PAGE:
Comic Book Movies are good business, but will comic books survive their new popularity?

According to Young -- author of the comic book "Astronauts in Trouble" and the comics industry column "True Facts" -- it all started in the mid-'70s...
Larry Young says he knows the exact moment when comic books launched their takeover of the multiplex.

It wasn't in 2000, when "X-Men" brought a touch of character-driven smarts to the superhero movie. And it wasn't when "Spider-Man" added tragedy and teen angst to the formula two years later, smashing box-office records in the process.

According to Young -- author of the comic book "Astronauts in Trouble" and the comics industry column "True Facts" -- it all started in the mid-'70s, shortly after the first great comic-book pastiche, "Star Wars," burned itself onto impressionable retinas worldwide.

"All the geeks who grew up on 'Logan's Run' and 'Star Wars' and 'Close Encounters,' who got movie cameras for their 16th birthdays instead of keys to the family station wagon, have grown up to offer their particularly skewed visions of entertainment," Young says in an e-mail. "The punks who hung out at pinball arcades 20 years ago are now driving the video-game aesthetic into the entertainment narrative.

"The lunatics," he adds, "are in charge of the asylum!"

Those lunatics are raking in boffo box office. We've become a nation of comic-book geeks (and these days, the word's a point of pride among comic-book and movie fans, signifying an unapologetic passion instead of an unhealthy obsession), whether we know it or not.

It's not just our collective obsession with superhero movies -- evidenced by "Spider-Man" ($404 million domestic box office), "Daredevil" ($102 million) and the "X-Men" franchise (combined $358 million and counting). Hollywood is also adapting "graphic novels" into prestige Hollywood dramas ("Road to Perdition"), period mysteries ("From Hell") and art-house fare ("Ghost World," "American Splendor"). And high art is embracing low pulp this very weekend, as "Ice Storm" director Ang Lee's re-imagining of "The Hulk" brings a peculiar mix of art-house repression and tank-tossing luridness into movie houses.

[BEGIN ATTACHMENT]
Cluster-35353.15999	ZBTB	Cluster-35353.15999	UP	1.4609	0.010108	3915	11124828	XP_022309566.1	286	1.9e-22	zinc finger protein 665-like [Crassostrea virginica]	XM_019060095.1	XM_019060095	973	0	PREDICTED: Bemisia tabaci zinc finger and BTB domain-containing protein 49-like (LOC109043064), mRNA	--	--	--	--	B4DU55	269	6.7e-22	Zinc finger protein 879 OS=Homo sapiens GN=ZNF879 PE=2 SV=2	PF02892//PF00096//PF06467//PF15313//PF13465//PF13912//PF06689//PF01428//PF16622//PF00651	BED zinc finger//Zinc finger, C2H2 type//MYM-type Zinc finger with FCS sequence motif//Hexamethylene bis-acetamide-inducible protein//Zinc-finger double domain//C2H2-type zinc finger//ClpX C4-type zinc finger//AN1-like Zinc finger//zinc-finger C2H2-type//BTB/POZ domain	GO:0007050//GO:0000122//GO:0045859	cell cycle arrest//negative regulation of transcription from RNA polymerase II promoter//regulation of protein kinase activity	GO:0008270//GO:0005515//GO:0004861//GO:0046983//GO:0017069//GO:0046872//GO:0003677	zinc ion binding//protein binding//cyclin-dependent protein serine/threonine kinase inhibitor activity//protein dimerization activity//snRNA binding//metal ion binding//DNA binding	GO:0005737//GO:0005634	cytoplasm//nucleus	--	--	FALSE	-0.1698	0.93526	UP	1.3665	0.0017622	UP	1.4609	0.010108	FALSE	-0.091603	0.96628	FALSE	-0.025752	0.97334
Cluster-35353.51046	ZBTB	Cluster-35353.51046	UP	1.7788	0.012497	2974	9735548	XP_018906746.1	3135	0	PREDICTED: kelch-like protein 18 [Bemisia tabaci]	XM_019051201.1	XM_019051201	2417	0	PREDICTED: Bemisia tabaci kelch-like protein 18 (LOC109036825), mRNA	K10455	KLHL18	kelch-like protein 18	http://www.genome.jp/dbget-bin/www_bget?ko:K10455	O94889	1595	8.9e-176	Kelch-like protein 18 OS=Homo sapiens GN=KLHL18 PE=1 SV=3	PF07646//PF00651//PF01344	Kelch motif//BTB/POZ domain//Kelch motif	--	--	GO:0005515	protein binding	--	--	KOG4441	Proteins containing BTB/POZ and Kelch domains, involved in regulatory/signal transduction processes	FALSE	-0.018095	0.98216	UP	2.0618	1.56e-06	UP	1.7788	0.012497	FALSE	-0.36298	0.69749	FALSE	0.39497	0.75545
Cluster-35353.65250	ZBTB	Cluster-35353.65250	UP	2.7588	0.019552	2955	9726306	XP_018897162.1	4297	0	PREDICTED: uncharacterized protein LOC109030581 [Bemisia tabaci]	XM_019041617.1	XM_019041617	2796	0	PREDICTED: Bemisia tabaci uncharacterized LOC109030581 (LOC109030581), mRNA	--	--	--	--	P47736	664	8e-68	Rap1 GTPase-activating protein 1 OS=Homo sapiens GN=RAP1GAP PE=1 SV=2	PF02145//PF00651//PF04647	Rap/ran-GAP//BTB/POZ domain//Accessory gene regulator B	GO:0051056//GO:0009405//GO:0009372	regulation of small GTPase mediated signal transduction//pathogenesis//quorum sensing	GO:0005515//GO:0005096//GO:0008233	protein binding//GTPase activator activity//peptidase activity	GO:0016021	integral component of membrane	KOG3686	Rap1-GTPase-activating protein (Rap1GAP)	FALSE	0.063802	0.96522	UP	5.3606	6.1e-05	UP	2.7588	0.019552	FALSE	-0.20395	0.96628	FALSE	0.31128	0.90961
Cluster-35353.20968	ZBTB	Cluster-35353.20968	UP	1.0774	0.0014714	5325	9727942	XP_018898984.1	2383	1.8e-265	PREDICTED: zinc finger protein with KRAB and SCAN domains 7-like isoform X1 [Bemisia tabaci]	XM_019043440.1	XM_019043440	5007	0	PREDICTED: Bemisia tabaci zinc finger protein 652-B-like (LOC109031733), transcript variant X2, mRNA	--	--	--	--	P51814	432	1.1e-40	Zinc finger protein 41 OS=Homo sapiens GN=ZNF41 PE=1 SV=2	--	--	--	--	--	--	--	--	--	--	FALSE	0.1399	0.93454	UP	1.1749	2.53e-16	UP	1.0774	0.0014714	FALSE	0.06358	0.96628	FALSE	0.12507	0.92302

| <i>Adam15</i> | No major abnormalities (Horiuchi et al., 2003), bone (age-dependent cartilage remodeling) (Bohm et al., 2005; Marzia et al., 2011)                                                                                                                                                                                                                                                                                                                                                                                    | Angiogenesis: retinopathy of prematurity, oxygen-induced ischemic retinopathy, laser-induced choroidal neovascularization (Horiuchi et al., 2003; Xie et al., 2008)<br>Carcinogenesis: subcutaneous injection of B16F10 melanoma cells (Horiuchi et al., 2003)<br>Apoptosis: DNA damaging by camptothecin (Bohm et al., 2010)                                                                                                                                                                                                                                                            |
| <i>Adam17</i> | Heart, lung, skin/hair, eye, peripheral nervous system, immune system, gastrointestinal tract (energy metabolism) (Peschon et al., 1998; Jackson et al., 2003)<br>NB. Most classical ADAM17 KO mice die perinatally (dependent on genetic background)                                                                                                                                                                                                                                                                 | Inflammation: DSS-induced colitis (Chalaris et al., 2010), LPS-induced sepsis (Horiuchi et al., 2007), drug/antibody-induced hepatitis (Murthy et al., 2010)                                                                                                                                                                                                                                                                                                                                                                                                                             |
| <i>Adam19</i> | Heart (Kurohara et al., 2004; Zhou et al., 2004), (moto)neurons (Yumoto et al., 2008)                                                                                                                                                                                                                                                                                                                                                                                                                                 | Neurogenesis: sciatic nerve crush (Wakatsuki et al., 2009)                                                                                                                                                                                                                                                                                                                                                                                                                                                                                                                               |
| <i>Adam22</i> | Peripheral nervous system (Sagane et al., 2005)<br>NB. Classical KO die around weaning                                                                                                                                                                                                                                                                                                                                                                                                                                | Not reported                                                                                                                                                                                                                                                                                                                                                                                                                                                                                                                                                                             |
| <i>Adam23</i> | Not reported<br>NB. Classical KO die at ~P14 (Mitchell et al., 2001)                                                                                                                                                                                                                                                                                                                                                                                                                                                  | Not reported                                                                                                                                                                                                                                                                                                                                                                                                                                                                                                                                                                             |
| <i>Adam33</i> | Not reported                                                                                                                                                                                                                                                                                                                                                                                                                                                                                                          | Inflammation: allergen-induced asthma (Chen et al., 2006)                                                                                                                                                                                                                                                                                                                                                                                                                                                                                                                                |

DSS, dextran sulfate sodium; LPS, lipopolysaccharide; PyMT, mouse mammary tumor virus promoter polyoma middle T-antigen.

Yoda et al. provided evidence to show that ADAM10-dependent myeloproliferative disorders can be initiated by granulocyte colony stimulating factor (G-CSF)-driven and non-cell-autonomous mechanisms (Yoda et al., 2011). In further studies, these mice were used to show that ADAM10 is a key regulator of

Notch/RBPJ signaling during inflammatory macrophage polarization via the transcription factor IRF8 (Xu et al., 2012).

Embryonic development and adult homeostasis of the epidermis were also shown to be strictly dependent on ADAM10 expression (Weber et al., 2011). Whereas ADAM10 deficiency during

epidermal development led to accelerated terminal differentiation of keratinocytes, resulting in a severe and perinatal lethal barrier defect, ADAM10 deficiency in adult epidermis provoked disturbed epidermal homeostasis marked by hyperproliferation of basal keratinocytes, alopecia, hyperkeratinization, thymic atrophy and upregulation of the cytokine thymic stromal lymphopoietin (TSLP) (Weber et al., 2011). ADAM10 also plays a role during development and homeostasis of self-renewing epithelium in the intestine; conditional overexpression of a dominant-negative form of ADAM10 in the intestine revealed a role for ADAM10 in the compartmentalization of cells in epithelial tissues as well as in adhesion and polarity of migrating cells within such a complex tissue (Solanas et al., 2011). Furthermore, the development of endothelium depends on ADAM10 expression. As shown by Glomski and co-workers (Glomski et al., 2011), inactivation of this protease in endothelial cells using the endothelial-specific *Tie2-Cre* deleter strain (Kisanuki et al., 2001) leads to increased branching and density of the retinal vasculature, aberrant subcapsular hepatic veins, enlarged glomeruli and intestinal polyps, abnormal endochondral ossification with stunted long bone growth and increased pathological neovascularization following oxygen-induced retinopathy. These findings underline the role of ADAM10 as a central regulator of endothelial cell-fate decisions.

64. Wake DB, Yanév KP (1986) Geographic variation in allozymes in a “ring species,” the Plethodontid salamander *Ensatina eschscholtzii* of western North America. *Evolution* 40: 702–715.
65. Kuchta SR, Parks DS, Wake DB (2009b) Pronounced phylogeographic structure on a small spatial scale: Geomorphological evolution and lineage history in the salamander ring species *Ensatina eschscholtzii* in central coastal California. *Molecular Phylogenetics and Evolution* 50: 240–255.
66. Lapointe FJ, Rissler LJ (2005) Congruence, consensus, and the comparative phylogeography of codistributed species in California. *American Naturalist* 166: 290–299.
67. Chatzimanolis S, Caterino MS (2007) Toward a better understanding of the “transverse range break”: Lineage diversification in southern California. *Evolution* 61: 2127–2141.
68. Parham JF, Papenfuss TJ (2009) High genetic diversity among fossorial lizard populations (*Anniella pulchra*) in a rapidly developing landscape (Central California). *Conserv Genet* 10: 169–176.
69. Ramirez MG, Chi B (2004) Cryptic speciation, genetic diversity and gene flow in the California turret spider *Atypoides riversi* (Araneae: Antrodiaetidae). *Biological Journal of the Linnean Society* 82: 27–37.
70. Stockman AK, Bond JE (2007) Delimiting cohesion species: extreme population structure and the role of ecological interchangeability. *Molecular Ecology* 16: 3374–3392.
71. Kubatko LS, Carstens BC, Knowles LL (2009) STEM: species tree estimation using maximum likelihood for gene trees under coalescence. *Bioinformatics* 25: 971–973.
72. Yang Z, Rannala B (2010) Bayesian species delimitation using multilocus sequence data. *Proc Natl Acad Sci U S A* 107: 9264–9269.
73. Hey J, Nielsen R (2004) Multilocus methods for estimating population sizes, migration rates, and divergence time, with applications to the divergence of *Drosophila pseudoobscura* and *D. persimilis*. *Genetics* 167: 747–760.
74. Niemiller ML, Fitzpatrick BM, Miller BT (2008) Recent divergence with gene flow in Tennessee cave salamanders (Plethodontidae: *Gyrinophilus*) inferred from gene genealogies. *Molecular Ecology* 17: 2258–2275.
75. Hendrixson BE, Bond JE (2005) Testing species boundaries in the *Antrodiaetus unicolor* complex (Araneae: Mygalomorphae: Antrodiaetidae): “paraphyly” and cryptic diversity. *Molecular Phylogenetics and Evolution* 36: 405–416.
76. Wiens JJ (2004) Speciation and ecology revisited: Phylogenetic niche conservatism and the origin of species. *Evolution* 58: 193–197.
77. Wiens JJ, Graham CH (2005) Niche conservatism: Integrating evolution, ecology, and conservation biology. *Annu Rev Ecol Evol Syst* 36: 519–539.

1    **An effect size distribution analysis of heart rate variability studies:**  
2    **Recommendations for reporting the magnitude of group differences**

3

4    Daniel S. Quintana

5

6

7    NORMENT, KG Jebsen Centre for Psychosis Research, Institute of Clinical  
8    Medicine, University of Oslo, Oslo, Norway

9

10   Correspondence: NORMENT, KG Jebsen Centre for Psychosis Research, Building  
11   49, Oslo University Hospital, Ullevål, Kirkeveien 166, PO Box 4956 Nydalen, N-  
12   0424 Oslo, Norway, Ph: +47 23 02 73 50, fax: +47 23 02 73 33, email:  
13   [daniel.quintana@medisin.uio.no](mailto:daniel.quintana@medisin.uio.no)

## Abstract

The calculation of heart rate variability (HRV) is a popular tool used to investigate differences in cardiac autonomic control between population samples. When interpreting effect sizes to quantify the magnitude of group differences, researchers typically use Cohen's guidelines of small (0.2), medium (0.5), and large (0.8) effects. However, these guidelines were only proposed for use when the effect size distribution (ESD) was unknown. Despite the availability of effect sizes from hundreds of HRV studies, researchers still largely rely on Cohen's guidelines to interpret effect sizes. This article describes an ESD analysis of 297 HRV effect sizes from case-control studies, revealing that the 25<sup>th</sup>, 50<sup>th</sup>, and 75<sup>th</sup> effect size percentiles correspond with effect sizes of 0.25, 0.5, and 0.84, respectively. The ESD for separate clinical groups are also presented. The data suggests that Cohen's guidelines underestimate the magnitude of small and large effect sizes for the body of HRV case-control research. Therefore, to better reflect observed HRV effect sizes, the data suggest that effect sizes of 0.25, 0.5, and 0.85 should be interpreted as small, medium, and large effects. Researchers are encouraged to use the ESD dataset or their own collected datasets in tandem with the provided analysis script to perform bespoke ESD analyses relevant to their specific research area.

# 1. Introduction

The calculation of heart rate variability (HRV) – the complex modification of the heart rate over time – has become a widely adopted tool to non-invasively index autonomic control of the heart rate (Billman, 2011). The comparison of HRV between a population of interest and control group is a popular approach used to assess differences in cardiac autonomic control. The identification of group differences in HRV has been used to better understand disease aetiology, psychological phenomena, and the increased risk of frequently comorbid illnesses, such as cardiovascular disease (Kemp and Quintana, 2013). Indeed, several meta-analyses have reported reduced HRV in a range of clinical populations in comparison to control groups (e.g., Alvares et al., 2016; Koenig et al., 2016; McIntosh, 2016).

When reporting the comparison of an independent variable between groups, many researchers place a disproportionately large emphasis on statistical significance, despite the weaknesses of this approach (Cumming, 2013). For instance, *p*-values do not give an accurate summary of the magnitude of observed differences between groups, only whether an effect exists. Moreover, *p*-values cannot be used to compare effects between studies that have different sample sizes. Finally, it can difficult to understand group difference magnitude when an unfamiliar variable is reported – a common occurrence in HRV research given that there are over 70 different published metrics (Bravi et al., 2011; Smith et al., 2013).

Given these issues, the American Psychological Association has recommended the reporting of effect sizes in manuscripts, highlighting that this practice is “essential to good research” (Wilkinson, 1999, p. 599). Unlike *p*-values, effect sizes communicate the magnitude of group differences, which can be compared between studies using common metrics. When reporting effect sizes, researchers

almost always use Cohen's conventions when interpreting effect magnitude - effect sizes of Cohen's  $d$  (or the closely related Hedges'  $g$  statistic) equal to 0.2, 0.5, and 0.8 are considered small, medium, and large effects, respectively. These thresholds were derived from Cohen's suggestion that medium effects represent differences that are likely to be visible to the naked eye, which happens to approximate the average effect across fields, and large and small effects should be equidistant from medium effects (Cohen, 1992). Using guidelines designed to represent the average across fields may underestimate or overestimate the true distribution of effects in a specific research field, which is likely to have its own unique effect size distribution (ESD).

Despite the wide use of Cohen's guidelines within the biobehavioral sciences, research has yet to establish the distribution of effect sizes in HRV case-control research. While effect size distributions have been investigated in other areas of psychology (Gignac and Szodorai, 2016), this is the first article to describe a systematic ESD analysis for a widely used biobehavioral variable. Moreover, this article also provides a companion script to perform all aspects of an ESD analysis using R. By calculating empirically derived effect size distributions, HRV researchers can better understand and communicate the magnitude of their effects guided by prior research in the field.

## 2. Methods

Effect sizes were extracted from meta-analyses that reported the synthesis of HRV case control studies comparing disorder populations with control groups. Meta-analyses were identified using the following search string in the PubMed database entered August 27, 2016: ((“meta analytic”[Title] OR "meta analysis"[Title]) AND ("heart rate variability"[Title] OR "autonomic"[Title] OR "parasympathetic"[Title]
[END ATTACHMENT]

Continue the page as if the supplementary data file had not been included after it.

Even movies that aren't adapted from funny books -- the "Matrix" series comes to mind -- deal in heroic deeds and those great poses invented by comic legend Steve Ditko. (Which isn't really all that surprising: "Matrix" creators Larry and Andy Wachowski got their start writing comics, after all, and they employed comic-book cult figure Geoff Darrow to help design the "Matrix" universe.)

Young's remarks suggest a sort of "Unified Geek Theory." Even though geeks come in many shapes and sizes, each occupying an obsessive niche -- video-game geeks, role-playing geeks, kung fu geeks, anime geeks -- all those obsessions connect somehow to the most primal geekdom of all: the comic book. There's a little bit of comic book in all forms of geek cinema; sequential panels make up the code by which one can decode a national obsession. Geeks ascendant Young says the comic-book influence is dramatically altering what's on the menu at your local multiplex. These days, he writes, "There are no ruminations on lost love; no treatises on missed opportunities; even a silly teen comedy is a rare thing in mainstream blockbuster cinema today."